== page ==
Investing in U.S. Government Debt
Why Gold is the ONLY Safe Haven
The latest report detailing foreign holders of U.S Treasuries shows that China has been slightly reducing its holdings of U.S. government debt. Its holdings are the lowest since February 2013.
As of October 2014, China reported holdings of $1.25 trillion in U.S. debt. In October 2013, China’s holdings were approximately $1.30 trillion.
It would not be accurate to say that the Chinese government/central bank is selling U.S. Treasuries. After all, there is maturing debt where they receive the principal amount back. So it appears China is still buying debt — just not enough to effectively roll over the expiring debt.
If China or anyone else simply stopped buying Treasuries, including rolling them over, then its holdings would slowly go down as the debt matures and eventually goes to zero.
Meanwhile, Japan has actually been increasing its holdings. In October 2013, Japan held $1.17 trillion in U.S. government debt. The latest numbers for October 2014 show holdings of $1.22 trillion, an increase of over $100 billion over a one-year period.
China still holds the highest dollar amount, but barely. After China and Japan, Belgium is the next-highest holder with “only” $348 billion. Of course, this doesn’t count the Federal Reserve, which is by far the biggest holder of U.S. debt.
In other words, China and Japan are the big players. The central banks of both countries are on a digital money-printing spree right now, but apparently China is finding better things to buy than U.S. government debt.
Who is Buying the U.S. Government’s Debt?
While the total foreign holdings of U.S. Treasuries have increased over the last year, they have stayed relatively flat over the last couple of months. This is interesting for the mere fact that long-term interest rates have been going down again.
The Federal Reserve wrapped up its latest round of so-called quantitative easing (monetary inflation) at the end of October. But even in October, the Fed was only purchasing about $15 billion in assets, which included mortgage-backed securities.
So the question is, why are interest rates going down?
This has to mean there are buyers for U.S. Treasuries and bonds.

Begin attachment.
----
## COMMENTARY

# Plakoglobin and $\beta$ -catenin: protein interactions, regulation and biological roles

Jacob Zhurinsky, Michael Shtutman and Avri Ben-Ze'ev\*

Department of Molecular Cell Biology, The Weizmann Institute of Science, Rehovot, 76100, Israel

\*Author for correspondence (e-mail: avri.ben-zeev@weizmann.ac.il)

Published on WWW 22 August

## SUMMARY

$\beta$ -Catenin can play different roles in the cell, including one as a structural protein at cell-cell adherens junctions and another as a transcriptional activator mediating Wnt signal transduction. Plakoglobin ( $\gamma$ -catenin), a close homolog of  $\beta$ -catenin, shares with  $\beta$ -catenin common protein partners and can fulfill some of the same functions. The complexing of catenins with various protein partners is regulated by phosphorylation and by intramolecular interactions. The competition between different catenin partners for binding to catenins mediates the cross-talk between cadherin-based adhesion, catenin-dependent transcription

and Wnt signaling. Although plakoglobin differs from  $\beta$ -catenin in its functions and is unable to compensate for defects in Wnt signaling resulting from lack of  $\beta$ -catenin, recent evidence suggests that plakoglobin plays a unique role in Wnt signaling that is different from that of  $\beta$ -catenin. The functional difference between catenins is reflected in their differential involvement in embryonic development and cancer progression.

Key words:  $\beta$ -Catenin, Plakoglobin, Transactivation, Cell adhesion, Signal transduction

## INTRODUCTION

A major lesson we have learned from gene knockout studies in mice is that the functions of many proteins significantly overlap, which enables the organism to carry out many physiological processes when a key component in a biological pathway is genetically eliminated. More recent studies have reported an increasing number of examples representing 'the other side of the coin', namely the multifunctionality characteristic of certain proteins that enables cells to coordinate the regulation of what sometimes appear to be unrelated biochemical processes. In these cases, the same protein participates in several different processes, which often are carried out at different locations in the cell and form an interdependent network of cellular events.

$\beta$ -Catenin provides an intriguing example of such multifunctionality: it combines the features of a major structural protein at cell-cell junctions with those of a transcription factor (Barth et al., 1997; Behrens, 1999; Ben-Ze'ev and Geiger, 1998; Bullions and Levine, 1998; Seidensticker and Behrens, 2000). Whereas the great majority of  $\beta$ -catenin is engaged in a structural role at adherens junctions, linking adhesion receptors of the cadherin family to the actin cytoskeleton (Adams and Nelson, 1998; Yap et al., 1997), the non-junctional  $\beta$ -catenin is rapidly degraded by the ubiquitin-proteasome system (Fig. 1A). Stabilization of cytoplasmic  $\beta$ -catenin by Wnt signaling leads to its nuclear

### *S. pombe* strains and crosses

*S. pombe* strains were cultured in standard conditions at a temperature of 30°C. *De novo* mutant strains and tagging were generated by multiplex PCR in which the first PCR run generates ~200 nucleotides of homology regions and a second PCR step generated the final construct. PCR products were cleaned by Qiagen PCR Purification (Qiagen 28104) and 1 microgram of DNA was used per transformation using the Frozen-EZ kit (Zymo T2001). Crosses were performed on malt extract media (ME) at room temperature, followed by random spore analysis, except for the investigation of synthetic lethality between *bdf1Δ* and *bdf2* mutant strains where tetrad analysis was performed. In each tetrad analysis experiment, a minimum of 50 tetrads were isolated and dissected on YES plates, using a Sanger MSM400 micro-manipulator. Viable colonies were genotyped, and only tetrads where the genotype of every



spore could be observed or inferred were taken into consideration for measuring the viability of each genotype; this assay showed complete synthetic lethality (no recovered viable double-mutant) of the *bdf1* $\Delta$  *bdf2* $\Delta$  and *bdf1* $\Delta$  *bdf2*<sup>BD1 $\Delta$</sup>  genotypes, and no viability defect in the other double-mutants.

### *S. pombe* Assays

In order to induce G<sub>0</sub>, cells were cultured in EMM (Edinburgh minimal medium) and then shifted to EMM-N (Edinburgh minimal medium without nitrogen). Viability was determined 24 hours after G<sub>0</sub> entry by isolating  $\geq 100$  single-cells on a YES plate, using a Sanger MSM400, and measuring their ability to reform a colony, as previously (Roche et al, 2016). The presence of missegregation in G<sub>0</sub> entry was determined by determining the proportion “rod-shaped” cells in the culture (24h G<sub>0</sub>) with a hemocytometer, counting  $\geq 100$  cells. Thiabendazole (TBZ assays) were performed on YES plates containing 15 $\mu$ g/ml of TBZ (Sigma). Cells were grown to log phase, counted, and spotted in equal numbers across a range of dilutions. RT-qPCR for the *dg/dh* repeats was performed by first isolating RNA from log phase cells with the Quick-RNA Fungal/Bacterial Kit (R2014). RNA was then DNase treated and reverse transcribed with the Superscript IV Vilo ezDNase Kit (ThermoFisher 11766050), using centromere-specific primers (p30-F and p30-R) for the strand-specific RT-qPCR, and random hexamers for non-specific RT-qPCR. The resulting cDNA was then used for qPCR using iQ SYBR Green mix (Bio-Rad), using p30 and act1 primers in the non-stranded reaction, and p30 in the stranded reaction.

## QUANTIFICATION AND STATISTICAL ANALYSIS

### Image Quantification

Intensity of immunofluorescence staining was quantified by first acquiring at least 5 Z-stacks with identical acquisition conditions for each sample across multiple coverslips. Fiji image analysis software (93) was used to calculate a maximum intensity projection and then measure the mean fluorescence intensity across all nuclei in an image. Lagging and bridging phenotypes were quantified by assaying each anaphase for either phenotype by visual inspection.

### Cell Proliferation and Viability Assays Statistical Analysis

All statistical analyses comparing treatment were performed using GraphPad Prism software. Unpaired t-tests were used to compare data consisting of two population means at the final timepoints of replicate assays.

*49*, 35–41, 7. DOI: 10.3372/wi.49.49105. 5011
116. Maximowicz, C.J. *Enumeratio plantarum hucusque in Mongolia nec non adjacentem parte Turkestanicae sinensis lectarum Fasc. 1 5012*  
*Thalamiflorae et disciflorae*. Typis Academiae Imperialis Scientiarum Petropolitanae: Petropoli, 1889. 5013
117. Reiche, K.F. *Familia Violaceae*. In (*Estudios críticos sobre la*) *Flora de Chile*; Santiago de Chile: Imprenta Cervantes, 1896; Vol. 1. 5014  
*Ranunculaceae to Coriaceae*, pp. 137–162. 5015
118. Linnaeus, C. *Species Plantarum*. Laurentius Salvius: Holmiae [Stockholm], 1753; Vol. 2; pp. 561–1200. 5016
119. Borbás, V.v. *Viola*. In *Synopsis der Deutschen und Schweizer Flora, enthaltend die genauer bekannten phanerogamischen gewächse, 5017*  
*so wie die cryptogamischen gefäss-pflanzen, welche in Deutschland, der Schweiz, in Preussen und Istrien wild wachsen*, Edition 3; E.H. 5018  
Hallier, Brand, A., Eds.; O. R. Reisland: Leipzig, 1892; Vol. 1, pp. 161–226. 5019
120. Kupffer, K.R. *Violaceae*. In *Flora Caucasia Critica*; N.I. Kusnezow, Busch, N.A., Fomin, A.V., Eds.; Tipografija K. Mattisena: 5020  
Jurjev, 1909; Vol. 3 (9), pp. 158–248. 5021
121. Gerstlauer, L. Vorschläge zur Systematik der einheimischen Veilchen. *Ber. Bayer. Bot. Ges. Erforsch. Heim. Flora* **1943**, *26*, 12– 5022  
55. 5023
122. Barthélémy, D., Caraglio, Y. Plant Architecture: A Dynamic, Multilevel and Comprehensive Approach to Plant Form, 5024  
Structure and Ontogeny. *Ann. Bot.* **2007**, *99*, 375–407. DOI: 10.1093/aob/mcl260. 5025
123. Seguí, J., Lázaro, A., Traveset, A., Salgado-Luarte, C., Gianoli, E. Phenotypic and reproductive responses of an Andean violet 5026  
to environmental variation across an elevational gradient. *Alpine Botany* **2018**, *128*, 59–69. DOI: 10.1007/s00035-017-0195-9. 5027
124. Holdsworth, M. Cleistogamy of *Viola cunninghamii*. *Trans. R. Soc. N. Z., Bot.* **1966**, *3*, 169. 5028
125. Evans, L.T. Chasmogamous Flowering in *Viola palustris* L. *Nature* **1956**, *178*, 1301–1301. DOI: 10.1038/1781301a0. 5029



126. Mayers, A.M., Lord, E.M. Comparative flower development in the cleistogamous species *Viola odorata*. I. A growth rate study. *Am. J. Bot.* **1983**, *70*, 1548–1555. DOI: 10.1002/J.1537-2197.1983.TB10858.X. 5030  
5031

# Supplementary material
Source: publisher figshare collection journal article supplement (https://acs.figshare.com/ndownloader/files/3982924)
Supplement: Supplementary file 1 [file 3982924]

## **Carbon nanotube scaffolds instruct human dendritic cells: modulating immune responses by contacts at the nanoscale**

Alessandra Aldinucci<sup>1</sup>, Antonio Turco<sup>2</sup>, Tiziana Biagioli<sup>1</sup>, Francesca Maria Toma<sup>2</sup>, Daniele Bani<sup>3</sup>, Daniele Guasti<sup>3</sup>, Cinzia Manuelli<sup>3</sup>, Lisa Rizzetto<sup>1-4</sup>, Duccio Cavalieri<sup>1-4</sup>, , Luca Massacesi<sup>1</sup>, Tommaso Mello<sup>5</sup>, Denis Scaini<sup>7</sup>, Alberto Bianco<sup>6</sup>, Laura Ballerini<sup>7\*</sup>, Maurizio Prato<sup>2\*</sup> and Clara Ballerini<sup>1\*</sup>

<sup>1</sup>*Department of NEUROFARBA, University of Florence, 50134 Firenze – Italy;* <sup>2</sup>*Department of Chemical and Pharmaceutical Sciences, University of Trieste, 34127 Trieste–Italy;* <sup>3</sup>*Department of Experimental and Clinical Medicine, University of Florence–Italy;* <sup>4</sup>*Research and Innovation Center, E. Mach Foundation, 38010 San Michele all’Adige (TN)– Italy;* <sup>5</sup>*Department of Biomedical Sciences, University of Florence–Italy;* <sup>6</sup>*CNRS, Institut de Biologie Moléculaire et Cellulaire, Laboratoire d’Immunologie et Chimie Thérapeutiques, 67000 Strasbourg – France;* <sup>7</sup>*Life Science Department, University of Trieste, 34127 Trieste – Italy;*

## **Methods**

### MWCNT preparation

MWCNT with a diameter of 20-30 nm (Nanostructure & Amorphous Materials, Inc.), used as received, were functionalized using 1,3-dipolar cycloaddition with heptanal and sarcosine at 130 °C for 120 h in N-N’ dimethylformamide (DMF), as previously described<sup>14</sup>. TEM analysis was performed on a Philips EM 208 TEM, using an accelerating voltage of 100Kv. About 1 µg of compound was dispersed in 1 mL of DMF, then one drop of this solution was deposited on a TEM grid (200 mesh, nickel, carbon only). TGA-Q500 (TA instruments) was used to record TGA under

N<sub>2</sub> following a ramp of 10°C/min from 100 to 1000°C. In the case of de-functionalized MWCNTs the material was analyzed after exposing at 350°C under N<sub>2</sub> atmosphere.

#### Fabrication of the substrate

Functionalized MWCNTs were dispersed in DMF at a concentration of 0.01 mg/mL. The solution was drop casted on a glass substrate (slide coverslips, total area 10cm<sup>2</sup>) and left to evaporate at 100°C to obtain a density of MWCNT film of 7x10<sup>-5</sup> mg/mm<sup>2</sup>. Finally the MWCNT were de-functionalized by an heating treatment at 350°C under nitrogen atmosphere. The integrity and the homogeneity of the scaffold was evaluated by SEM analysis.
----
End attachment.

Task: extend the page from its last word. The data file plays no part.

The Fed is no longer buying. China is reducing its holdings, even if slightly. Japan’s holdings, while increasing year over year, were reduced slightly in the last couple of reported months.
China has been purchasing some longer-dated U.S. securities this year as short-term securities mature, but it would not fully explain the recent drop in interest rates.
The only explanation is that private investors are buying U.S. bonds. It is not the central banks buying on net. In particular, investors are buying longer-term bonds.
This should give us caution on where the economy is headed. While I don’t view the dollar and U.S. Treasuries as safe havens, investors historically buy U.S. Treasuries in times of turmoil. The only exception seems to be when there is high price inflation, as was seen in the 1970s.
The 10-year yield is down to almost 2%, which indicates that the yield curve is flattening. When investors seek to lock in longer-term interest rates, it is a sign of a recession. With short-term rates near zero, we probably won’t see an inverted yield curve as we have seen so frequently prior to other recessions. We may just see the yield curve somewhat flatten.
In addition, it is interesting that the price of oil has gone into virtual free-fall at the same time that long rates have been going down. While some of this is certainly attributable to increases in supply (or potential supply), I can’t help but think there is a weakening in foreign demand, which indicates a worldwide slowdown.